A test of Stormont institutions

Renewable Heat Incentive scheme was allowed run for three years unchecked

It’s been suggested that the North’s unholy row over First Minister Arlene Foster’s responsibility for the Renewable Heat Incentive scheme (RHI), its £405 million overrun, and its delayed scrapping, is evidence at last of “normal politics”. A sign of the maturing of the peace process and its institutions – MLAs, after all, are arguing about mere money, not history.

Nothing could be further from the truth. The artificial construct and inbuilt dysfunctionality of the North’s politics and institutions, and not least the ability of either community – in practice the DUP or Sinn Féin – to veto all proposals makes parliamentary accountability impossible and a joke of ministerial responsibility.

A DUP minority has blocked a motion calling on Foster to step aside on the basis that it did not have cross-community support. But were the Assembly a “normal” parliament, the idea that “the buck stops here” would be embedded in the ministerial culture, and Foster would long have resigned over the colossal incompetence of her staff. A vote would not be necessary.

It is also crucial to see beyond the noisy internal DUP tiff between Foster and former minister Jonathan Bell. Their dispute over how he belatedly sought to close down the RHI raises important questions about the role of special advisers and bullying by one or the other minister. But it's small beer compared to more crucial questions for any eventual inquiry about the RHI's establishment and survival for so long. And, cui bono.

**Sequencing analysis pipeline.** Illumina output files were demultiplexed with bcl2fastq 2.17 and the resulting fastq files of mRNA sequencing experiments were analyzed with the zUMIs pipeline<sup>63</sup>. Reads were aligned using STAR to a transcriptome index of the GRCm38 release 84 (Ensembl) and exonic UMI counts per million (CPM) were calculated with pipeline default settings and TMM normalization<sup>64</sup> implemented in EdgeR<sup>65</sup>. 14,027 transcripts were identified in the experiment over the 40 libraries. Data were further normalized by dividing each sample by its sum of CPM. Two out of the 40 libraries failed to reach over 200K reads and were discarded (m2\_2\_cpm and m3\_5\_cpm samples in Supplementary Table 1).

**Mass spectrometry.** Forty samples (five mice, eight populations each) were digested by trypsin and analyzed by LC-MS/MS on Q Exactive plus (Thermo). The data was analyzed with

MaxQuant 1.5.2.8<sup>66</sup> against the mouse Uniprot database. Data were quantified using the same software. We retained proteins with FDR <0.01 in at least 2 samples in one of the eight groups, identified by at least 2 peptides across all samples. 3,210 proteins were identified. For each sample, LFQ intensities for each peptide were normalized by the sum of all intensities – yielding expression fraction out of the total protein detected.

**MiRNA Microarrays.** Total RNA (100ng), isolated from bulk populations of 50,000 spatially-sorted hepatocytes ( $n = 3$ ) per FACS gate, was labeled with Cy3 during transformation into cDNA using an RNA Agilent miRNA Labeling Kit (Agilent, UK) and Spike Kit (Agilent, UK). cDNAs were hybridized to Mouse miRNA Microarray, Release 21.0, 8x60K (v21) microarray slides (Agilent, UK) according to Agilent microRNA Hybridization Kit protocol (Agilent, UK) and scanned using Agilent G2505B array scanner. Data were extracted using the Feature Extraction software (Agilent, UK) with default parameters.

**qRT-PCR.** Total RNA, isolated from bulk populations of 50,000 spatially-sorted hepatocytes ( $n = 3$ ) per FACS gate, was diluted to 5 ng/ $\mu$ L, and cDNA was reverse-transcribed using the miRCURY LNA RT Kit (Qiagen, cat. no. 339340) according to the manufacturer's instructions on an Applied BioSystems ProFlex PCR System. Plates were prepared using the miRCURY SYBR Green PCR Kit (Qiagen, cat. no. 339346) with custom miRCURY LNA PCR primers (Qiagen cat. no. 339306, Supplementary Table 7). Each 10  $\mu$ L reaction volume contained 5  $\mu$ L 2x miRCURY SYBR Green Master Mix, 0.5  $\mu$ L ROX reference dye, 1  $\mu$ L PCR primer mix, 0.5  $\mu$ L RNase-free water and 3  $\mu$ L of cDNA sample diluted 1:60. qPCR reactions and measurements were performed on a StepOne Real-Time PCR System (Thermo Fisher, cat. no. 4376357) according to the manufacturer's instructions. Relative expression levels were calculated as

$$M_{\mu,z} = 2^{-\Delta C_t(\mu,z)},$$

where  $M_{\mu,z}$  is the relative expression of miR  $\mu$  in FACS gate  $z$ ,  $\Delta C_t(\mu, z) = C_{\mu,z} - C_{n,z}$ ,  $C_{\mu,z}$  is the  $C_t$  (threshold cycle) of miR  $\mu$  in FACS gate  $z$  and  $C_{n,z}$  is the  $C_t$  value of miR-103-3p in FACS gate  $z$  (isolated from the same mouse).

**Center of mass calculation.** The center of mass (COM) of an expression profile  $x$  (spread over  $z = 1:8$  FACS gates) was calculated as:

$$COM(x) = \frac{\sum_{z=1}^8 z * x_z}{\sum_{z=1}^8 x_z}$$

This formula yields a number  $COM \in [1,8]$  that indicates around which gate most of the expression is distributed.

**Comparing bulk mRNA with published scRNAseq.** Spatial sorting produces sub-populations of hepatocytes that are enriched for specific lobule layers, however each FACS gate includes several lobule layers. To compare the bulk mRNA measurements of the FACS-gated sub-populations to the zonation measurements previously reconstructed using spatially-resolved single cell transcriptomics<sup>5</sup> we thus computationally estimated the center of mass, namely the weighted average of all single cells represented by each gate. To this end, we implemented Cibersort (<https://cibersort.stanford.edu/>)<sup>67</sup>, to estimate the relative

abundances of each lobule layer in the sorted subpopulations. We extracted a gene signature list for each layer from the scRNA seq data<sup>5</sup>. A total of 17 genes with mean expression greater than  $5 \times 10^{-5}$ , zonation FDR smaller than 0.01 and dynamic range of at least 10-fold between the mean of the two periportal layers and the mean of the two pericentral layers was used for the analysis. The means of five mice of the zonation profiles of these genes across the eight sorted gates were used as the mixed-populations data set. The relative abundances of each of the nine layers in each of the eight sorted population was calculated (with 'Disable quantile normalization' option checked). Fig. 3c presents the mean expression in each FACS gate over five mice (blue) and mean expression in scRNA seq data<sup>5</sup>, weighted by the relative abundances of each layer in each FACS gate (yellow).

When the extension of the UK ’s RHI scheme to the North was planned in 2012, the cost of fuel wood chips for biomass boilers was more than the proposed subsidy. No need , Foster’s then department was advised, for a cap on spending because there was no incentive to burn more than necessary. As time passed, however, the proposed subsidy rose while market pressures pushed the cost of wood chips down. A huge incentive emerged endlessly to heat empty barns.

Whistleblowers as early as 2013 were ignored. No-one remembered the rationale for the capless system until applications spiked in late 2015 and London said it would not go on paying spiralling bills. The balance of commitments, now £405 million, would have to be met from the North’s resources. Only then did it occur to the North’s political leaders to close the scheme down.

This colossal waste of taxpayer money was allowed to run for three years unchecked. Was this just because of incompetent civil servants? Weak budgetary controls? Weak ministerial oversight? What are those special advisers paid for? And how much was it all perhaps an indifference to the profligate spending of someone else’s money?

The RHI crisis is ultimately about both the squandering of taxpayers' money, but also whether Stormont itself is fit for purpose and capable of administering devolved government.